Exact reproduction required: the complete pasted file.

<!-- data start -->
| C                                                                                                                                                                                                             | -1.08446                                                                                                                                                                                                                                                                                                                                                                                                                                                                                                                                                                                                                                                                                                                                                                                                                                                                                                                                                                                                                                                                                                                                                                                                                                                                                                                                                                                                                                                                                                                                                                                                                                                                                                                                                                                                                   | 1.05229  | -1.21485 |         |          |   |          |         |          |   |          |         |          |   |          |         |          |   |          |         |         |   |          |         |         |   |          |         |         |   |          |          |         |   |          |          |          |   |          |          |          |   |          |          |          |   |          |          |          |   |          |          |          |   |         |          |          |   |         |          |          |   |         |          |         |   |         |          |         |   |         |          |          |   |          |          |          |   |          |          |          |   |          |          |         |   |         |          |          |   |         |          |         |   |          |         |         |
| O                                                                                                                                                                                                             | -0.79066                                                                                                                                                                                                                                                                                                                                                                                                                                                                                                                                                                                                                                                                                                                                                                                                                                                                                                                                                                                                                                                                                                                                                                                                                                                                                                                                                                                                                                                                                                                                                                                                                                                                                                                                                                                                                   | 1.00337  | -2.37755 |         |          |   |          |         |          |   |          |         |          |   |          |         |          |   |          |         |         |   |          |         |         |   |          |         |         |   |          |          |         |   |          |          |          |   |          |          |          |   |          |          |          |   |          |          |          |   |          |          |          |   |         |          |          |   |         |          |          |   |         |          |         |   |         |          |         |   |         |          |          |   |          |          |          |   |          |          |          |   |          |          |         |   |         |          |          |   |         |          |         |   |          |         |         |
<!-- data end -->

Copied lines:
| C                                                                                                                                                                                                             | -1.08446                                                                                                                                                                                                                                                                                                                                                                                                                                                                                                                                                                                                                                                                                                                                                                                                                                                                                                                                                                                                                                                                                                                                                                                                                                                                                                                                                                                                                                                                                                                                                                                                                                                                                                                                                                                                                   | 1.05229  | -1.21485 |         |          |   |          |         |          |   |          |         |          |   |          |         |          |   |          |         |         |   |          |         |         |   |          |         |         |   |          |          |         |   |          |          |          |   |          |          |          |   |          |          |          |   |          |          |          |   |          |          |          |   |         |          |          |   |         |          |          |   |         |          |         |   |         |          |         |   |         |          |          |   |          |          |          |   |          |          |          |   |          |          |         |   |         |          |          |   |         |          |         |   |          |         |         |
| O                                                                                                                                                                                                             | -0.79066                                                                                                                                                                                                                                                                                                                                                                                                                                                                                                                                                                                                                                                                                                                                                                                                                                                                                                                                                                                                                                                                                                                                                                                                                                                                                                                                                                                                                                                                                                                                                                                                                                                                                                                                                                                                                   | 1.00337  | -2.37755 |         |          |   |          |         |          |   |          |         |          |   |          |         |          |   |          |         |         |   |          |         |         |   |          |         |         |   |          |          |         |   |          |          |          |   |          |          |          |   |          |          |          |   |          |          |          |   |          |          |          |   |         |          |          |   |         |          |          |   |         |          |         |   |         |          |         |   |         |          |          |   |          |          |          |   |          |          |          |   |          |          |         |   |         |          |          |   |         |          |         |   |          |         |         |